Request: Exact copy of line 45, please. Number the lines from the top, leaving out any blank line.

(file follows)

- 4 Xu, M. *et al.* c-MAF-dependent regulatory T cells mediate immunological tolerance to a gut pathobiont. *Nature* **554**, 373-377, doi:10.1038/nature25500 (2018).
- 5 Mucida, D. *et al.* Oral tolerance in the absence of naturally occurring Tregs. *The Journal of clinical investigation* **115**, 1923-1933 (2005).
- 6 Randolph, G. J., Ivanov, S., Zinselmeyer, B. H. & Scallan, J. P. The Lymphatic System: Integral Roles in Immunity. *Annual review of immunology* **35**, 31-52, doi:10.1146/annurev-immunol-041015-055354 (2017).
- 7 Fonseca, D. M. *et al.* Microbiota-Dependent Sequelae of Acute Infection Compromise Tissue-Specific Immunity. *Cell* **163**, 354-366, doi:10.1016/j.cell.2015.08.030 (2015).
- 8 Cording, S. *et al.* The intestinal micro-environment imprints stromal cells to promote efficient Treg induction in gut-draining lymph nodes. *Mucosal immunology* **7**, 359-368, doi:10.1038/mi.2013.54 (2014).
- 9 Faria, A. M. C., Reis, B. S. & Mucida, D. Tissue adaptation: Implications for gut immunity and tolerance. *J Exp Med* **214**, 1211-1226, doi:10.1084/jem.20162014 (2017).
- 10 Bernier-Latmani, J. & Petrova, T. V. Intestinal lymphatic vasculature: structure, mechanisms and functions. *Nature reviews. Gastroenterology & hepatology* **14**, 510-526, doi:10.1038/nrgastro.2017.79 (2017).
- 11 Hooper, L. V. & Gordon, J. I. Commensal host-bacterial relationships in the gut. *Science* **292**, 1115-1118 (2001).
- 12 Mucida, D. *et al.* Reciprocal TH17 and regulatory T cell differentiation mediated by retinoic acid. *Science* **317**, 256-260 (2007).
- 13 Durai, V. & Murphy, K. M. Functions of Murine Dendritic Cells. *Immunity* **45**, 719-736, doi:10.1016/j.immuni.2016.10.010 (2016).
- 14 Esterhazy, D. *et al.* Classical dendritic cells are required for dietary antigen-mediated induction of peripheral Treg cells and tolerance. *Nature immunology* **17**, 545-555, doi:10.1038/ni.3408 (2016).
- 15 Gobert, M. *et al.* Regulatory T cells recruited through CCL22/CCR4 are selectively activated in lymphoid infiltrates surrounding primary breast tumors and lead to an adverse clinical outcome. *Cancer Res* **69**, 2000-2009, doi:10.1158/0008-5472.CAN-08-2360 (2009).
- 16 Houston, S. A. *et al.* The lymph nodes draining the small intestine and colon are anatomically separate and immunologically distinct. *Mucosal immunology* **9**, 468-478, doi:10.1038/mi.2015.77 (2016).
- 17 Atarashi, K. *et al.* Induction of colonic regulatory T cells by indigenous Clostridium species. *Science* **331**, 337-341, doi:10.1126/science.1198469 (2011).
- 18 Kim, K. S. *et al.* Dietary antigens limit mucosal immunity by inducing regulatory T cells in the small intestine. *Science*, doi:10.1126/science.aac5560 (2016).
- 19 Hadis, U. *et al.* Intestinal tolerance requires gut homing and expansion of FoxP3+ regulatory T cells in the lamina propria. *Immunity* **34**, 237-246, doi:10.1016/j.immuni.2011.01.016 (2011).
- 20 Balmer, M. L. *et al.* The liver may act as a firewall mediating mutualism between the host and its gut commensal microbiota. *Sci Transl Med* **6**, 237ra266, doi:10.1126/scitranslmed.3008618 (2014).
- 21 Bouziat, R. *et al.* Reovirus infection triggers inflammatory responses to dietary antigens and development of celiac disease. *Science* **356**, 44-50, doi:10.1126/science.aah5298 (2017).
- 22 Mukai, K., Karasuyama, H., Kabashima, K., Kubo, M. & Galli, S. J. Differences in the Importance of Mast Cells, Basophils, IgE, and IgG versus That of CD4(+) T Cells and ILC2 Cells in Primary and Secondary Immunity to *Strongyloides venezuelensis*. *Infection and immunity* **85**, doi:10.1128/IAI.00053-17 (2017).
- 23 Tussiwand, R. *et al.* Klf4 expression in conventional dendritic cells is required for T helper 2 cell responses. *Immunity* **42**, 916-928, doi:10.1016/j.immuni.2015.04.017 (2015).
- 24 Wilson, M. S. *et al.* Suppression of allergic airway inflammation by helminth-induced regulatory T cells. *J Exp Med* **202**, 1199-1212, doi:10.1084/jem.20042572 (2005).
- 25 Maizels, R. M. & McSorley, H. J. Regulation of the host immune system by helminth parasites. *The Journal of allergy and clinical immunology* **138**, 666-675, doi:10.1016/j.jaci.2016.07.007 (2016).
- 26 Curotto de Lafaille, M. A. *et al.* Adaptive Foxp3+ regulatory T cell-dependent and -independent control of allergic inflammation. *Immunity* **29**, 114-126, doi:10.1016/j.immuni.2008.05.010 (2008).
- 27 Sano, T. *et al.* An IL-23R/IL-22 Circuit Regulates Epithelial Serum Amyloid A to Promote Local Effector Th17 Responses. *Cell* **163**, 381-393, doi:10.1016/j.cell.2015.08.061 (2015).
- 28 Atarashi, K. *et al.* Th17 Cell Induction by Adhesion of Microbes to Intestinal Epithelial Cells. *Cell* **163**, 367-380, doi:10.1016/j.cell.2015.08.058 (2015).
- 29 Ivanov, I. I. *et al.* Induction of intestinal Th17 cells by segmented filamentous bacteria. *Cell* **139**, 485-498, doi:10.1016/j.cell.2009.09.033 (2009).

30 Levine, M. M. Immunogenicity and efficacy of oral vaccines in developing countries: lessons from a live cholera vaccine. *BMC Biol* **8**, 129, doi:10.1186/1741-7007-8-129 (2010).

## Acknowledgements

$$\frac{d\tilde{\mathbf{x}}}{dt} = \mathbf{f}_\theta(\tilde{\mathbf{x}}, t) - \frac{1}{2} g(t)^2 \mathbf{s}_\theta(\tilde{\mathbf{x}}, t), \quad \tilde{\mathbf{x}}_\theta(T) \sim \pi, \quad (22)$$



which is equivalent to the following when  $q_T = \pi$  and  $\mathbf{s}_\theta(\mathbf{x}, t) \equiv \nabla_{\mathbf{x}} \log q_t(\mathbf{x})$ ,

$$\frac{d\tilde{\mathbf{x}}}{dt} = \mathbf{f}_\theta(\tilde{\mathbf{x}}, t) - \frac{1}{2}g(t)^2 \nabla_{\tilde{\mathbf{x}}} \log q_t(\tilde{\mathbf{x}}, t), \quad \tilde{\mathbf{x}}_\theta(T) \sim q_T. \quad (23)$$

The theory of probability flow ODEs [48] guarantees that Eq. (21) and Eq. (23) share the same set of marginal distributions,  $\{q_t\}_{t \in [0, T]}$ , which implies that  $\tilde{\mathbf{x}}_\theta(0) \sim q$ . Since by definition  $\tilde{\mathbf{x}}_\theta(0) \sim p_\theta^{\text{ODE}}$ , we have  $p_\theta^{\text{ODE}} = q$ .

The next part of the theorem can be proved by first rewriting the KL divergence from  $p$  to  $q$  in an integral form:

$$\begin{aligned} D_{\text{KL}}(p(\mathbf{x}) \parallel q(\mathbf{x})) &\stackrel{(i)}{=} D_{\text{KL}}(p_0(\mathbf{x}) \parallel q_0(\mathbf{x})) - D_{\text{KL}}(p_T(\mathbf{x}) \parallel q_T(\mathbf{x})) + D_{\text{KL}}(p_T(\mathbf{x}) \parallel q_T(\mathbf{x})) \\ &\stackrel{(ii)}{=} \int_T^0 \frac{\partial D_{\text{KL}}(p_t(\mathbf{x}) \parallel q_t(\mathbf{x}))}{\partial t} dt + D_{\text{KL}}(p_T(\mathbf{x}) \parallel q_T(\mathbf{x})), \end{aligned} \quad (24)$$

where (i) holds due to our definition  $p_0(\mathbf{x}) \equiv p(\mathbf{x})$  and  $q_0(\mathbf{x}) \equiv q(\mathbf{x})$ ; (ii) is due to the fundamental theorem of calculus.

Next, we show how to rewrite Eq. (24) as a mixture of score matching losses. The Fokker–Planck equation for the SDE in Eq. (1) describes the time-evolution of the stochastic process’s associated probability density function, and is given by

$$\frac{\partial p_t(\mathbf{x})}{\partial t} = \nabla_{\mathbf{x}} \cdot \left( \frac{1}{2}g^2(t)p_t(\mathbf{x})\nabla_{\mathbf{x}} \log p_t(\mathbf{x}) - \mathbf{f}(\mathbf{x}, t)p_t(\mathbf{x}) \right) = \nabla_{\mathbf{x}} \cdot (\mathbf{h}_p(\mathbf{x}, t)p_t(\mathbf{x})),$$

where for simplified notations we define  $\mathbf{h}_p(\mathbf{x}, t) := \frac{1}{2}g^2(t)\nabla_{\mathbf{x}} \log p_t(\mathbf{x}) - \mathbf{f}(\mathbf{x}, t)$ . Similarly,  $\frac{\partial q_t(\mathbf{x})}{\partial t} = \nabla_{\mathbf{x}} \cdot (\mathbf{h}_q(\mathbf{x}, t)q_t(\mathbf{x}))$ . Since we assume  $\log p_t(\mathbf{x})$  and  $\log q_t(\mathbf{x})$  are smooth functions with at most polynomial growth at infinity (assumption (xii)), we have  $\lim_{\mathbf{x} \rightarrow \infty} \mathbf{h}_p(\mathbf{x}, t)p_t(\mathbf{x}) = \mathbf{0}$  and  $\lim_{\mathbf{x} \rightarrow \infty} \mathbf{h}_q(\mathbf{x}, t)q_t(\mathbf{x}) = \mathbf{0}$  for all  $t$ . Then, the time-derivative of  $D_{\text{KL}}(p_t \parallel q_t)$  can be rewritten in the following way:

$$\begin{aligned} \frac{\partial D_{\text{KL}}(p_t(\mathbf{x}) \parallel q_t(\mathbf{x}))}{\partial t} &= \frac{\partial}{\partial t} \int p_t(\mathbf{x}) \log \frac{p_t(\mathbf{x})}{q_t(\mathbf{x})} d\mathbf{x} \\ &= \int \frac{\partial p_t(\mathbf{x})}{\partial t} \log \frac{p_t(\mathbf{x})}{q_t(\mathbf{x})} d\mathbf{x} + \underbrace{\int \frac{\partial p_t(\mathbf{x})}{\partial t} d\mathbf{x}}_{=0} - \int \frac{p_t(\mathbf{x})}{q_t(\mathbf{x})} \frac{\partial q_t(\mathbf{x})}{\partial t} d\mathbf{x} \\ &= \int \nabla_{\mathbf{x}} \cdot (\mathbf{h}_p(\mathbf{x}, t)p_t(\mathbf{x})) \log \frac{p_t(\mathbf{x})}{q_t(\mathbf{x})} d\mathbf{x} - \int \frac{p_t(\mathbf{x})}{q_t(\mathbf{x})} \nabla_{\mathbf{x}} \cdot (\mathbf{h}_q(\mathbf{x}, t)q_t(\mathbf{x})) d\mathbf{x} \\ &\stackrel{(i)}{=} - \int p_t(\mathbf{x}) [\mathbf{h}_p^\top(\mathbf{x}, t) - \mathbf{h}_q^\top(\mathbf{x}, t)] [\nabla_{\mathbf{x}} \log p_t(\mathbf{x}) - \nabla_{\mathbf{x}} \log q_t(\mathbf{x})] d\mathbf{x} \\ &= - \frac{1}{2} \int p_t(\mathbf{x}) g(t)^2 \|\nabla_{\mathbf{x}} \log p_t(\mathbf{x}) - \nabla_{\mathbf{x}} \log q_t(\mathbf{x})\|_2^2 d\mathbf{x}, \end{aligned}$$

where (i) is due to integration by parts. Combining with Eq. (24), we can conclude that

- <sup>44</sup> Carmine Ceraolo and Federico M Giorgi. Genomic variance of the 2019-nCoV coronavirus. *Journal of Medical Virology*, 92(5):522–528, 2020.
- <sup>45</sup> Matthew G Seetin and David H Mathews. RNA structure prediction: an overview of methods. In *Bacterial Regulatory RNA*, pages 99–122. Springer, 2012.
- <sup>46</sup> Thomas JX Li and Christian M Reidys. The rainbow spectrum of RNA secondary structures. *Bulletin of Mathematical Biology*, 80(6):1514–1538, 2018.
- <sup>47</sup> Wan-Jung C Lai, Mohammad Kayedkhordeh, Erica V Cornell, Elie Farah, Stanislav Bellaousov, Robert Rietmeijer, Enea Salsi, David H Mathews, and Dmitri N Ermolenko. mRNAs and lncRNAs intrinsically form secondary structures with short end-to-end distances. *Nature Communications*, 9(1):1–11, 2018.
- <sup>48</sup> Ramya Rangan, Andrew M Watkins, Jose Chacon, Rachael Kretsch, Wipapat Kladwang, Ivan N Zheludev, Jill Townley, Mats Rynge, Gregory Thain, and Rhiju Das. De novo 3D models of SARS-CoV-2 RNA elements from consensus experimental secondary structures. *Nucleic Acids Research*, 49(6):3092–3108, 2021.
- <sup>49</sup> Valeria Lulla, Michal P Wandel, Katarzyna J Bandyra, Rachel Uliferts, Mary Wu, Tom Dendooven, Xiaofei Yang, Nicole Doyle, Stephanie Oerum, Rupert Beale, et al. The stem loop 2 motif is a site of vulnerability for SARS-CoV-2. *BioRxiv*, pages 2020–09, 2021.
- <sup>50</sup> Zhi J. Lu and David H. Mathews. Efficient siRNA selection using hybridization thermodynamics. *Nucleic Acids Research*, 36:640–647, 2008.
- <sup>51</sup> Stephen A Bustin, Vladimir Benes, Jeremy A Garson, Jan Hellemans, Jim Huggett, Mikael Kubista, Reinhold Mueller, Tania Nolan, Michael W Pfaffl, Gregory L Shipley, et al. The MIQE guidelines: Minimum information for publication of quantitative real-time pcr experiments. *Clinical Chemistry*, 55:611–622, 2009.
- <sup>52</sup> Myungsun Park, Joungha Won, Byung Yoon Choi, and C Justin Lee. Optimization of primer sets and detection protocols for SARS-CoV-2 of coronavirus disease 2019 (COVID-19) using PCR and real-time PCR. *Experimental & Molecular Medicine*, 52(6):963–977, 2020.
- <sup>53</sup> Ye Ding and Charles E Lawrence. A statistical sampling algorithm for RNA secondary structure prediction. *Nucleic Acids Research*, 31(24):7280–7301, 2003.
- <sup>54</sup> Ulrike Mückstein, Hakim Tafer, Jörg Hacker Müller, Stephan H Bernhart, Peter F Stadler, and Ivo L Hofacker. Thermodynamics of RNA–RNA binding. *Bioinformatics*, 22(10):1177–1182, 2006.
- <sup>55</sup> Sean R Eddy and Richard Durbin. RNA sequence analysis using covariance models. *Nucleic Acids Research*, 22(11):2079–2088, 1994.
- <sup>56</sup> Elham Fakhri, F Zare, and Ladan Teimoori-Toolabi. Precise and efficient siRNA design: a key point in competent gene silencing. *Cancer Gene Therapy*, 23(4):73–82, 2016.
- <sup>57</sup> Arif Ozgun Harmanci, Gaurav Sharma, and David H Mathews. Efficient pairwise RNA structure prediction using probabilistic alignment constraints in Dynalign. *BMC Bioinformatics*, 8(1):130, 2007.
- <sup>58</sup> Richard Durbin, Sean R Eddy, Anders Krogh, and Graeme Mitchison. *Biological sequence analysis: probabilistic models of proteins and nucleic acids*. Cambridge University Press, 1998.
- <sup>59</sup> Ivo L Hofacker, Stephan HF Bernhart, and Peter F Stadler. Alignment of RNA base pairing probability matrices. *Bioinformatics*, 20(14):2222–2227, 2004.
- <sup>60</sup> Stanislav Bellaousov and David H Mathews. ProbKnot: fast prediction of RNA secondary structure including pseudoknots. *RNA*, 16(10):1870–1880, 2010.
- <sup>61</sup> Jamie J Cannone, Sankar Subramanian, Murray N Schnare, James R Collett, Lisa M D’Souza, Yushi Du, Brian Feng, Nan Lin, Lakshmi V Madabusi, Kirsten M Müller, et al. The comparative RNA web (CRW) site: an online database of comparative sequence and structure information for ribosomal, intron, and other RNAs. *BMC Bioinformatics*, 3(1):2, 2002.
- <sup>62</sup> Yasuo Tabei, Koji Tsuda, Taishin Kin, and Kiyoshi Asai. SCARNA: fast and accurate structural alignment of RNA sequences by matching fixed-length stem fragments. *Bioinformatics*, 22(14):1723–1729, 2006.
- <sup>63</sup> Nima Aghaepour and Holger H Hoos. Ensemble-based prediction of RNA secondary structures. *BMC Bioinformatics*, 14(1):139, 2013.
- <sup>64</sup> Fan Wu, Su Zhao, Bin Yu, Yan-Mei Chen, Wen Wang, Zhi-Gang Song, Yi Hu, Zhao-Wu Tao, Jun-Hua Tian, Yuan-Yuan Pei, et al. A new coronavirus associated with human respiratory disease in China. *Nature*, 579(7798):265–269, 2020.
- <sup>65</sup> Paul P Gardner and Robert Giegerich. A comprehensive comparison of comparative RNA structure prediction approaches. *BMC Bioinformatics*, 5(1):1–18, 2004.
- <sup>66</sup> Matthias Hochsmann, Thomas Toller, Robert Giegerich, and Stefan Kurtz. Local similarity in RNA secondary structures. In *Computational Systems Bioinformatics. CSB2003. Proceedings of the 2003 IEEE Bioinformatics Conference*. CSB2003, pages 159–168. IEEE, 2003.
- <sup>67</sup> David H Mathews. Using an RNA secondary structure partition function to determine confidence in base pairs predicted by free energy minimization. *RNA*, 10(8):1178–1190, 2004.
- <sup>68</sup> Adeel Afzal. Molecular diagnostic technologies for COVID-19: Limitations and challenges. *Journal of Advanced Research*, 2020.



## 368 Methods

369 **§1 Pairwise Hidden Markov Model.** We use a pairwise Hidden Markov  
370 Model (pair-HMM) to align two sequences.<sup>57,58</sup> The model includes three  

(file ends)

- <sup>48</sup> Ramya Rangan, Andrew M Watkins, Jose Chacon, Rachael Kretsch, Wipapat Kladwang, Ivan N Zheludev, Jill Townley, Mats Rynge, Gregory Thain, and Rhiju Das. De novo 3D models of SARS-CoV-2 RNA elements from consensus experimental secondary structures. *Nucleic Acids Research*, 49(6):3092–3108, 2021.